The Esperanto flag and other Esperanto symbols have seen much consistency over the time of the language's existence (namely in the consistent usage of green for these symbols and flags), though a few variations in exact flag patterning and symbology have been seen. The main flag of Esperanto, featuring the Verda Stelo (English: Green Star), was adopted in 1905 for use as a symbol of mutual recognition among Esperantists. This flag is used by most Esperantists, though the jubilea simbolo (English: jubilee symbol) has been more recently proposed in 1987 as an alternative.
Since the earliest days of Esperanto, the colour green has been used as a symbol of mutual recognition, and it appears prominently in all Esperanto symbols. In a letter to The British Esperantist in 1911, L. L. Zamenhof, the creator of Esperanto, wrote: "It seems to me, that my attention was drawn to the color green by Mr. Richard H. Geoghegan and from that time I began to publish all of my works with green covers . . . Looking at one of my pamphlets that I had entirely by chance printed with a green cover, he pointed out that this was the color of his homeland, Ireland; at that time it came to me, that we could certainly look at that color as a symbol of HOPE. About the five-pointed star, it seems to me, that at first Mr. de Beaufront had it imprinted on his grammar [of Esperanto]. I liked that and I adopted it as a symbol. Afterward by association of ideas, the star appeared with a green color."
The Verda Stelo was first proposed in an 1892 article in La Esperantisto for use as a symbol of mutual recognition among Esperantists. The flag was created by the Esperanto Club of Boulogne-sur-Mer, initially for their own use, but was adopted as the flag of the worldwide Esperanto movement by a decision of the first World Esperanto Congress, which took place in 1905 in that town.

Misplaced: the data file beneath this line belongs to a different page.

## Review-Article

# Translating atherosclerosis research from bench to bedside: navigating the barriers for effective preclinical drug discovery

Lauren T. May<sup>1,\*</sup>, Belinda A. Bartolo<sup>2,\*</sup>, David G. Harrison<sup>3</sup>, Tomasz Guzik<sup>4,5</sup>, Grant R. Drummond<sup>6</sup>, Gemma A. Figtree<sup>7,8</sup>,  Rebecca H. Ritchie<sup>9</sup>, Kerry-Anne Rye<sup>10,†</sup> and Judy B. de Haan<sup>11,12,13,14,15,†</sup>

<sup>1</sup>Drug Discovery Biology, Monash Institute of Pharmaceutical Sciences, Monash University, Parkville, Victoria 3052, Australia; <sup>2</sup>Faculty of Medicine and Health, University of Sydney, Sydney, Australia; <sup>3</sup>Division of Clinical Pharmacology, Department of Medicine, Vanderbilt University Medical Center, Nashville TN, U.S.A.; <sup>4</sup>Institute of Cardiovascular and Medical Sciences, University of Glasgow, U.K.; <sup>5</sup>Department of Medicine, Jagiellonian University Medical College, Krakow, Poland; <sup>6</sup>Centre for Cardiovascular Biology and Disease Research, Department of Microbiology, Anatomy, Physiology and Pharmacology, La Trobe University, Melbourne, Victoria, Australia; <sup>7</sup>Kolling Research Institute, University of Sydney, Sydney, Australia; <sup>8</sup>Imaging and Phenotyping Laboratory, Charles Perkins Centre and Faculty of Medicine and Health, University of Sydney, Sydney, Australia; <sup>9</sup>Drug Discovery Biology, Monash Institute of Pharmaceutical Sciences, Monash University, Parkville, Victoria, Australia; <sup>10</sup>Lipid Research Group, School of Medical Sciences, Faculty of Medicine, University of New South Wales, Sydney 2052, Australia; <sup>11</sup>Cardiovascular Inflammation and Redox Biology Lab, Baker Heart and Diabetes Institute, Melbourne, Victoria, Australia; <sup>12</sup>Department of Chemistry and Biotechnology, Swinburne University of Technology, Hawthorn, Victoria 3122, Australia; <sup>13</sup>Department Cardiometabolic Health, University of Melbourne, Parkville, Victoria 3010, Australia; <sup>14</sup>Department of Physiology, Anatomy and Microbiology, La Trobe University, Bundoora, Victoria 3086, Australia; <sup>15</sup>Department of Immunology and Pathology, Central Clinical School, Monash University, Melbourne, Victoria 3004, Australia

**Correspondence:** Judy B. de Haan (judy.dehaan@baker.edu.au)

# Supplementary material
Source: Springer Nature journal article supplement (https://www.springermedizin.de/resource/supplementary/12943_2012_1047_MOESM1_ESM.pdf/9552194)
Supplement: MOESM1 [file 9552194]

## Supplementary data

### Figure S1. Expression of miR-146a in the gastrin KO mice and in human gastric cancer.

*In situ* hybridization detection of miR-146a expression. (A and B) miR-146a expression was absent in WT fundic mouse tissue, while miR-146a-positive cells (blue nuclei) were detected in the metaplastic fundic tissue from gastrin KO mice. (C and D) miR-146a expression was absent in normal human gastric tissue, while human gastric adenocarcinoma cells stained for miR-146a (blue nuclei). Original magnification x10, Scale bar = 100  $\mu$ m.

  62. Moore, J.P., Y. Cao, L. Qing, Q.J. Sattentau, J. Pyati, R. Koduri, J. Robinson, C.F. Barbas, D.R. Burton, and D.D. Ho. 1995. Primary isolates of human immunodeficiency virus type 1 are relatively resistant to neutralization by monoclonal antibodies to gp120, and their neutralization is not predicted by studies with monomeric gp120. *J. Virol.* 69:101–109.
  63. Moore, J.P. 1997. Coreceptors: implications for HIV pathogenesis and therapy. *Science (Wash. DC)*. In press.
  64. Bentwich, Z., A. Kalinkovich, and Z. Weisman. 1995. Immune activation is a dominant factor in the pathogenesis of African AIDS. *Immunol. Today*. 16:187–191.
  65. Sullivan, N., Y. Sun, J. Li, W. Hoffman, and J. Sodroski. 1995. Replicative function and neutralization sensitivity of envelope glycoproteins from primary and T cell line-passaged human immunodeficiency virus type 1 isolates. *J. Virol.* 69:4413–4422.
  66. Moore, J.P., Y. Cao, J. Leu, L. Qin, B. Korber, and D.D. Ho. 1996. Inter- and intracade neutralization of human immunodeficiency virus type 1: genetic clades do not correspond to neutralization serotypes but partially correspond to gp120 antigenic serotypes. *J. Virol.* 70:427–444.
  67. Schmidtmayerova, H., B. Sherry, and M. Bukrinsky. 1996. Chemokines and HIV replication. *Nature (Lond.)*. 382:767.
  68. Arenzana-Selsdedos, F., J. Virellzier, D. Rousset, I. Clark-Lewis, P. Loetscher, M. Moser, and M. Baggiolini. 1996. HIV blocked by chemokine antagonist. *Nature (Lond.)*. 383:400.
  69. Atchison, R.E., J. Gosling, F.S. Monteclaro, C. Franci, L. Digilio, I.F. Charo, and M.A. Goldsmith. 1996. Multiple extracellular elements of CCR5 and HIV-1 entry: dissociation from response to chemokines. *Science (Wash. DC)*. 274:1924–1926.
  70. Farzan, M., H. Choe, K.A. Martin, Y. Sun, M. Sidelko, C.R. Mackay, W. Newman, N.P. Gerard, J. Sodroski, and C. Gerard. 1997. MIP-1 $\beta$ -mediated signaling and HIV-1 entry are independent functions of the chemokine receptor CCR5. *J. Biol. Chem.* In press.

In 1905, delegates to the first conference of Esperantists at Boulogne-sur-Mer, unanimously approved a version differing from the modern only by the superimposition of an "E" over the green star. Other variants include that for Christian Esperantists, with a white Christian cross superimposed upon the green star, and that for Leftists, with the color of the field changed from green to red.
Some Esperanto speakers[who?] consider the traditional flag too nationalistic for an international language, so many organizations no longer recommend its use and, instead, use the jubilea simbolo (jubilee symbol, two green "E"s facing each other—or alternatively a Latin-alphabet "E" facing a Cyrillic-alphabet "Э", the first letter of "Эсперанто", the Russian name for Esperanto—on a white field). This symbol was created in 1987 by a Brazilian Esperantist to mark the centenary of the creation of Esperanto.
The Esperanto flag is composed of a green background with a white square (canton) in the upper lefthand corner, which in turn contains a green star. The green field symbolizes hope, the white symbolizes peace and neutrality, and the five-pointed star represents the five continents (Europe, America, Asia, Oceania, Africa).
By recommendation of the board of the Universal Esperanto Association, the flag should have the following proportions: The ratio of the width of the flag to the height of the flag to a side of the white square should be 3 to 2 to 1. The ratio of a side of the white square to the radius of a circle enclosing the star should be 10 to 3.5.
Most Esperantists continue to hold the verda stelo dear as a symbol of international or supranational solidarity (with the jubilea simbolo jokingly called "'la melono'" (English: the melon) by some), though many also regard the preference of one symbol over another as a purely personal choice. At most Esperanto congresses, all three main symbols[which?] can be seen in use on displays or being worn as badges. Sometimes, Esperanto travelers will display the flag, wear a badge with one of the above symbols, or even wear green clothes, to make themselves known to other Esperanto speakers.
On December 15, 2009, the Verda Stelo flew on the Google home search page "Google" logo to mark L. L. Zamenhof's 150th birthday. The flag flew on a flagstaff consisting of the "L" in the search-company's name.
One hypothesis about the red star as a symbol of socialism relates to an alleged encounter between Leon Trotsky and Nikolai Krylenko. Krylenko, an Esperantist, was wearing a green-star lapel badge; Trotsky enquired as to its meaning and received an explanation that each arm of the star represented one of the five traditional continents. On hearing this, he specified that a similar red star should be worn by soldiers of the Red Army.